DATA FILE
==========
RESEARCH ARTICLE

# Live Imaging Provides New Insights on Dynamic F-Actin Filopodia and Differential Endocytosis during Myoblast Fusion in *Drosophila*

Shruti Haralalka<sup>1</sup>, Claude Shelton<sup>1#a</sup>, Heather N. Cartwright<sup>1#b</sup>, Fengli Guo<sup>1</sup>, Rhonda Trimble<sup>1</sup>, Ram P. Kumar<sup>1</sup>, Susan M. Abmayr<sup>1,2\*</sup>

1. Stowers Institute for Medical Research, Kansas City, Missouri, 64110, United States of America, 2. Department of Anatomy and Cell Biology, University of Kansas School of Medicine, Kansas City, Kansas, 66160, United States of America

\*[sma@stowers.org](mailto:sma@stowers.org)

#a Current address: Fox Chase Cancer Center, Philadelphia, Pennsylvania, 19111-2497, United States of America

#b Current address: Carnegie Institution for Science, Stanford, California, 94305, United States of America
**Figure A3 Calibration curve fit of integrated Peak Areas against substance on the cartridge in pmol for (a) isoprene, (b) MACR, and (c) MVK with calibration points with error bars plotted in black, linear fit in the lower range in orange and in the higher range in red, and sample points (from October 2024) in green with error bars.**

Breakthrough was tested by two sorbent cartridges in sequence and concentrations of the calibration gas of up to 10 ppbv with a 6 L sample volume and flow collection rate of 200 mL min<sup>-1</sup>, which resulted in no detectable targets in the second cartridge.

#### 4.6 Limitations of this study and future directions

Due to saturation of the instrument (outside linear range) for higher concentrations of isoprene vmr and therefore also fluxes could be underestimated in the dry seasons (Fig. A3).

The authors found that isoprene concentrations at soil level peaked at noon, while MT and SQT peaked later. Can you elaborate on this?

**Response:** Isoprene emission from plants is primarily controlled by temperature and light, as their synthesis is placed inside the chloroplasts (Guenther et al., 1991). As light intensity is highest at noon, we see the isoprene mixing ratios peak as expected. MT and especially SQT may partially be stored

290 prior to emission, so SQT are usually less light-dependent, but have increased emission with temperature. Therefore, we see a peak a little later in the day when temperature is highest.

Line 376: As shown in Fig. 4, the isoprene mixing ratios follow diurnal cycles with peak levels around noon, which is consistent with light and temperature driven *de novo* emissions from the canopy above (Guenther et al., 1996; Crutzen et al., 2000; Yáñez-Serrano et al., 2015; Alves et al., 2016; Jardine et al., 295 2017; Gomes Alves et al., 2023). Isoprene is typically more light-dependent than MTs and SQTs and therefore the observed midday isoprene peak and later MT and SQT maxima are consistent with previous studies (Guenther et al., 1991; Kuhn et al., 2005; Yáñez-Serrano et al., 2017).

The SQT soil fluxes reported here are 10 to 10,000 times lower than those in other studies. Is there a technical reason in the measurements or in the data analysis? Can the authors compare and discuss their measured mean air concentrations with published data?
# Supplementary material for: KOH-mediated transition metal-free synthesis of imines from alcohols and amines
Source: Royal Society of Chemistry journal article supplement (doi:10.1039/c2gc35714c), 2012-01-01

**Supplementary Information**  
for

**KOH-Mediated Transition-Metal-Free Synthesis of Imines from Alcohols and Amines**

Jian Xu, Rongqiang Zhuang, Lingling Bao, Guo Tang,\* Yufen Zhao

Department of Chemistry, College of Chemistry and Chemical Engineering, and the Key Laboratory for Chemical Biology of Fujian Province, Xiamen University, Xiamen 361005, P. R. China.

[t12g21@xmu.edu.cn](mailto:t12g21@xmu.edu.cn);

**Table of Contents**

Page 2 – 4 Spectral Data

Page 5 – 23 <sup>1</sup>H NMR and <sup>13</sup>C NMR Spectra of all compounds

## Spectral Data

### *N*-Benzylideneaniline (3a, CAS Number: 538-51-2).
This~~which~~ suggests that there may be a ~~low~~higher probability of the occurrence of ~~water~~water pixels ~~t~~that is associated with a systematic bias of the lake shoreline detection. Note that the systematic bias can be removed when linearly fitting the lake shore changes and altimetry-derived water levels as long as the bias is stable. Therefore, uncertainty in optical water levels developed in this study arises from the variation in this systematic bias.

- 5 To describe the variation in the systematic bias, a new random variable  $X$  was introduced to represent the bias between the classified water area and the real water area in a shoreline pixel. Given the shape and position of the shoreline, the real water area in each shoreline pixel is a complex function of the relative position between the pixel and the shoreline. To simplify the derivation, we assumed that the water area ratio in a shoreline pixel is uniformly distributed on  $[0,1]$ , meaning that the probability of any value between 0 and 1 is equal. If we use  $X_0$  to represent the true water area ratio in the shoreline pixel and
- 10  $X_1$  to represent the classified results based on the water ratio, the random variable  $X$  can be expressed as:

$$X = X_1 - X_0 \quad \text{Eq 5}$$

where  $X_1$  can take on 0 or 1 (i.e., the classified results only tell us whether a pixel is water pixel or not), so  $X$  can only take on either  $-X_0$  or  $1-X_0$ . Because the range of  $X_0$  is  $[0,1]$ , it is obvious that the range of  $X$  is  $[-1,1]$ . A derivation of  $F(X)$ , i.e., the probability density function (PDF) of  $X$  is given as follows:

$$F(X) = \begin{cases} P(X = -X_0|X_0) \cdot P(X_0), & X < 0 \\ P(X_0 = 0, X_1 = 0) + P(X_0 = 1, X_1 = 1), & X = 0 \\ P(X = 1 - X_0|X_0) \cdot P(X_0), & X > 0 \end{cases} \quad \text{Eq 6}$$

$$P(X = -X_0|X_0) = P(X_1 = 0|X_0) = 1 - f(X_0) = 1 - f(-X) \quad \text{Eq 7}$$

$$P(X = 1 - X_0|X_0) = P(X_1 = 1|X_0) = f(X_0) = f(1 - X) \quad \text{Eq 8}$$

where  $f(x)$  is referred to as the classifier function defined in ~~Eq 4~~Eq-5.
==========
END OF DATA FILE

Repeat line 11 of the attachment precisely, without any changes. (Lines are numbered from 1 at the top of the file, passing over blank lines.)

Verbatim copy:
Due to saturation of the instrument (outside linear range) for higher concentrations of isoprene vmr and therefore also fluxes could be underestimated in the dry seasons (Fig. A3).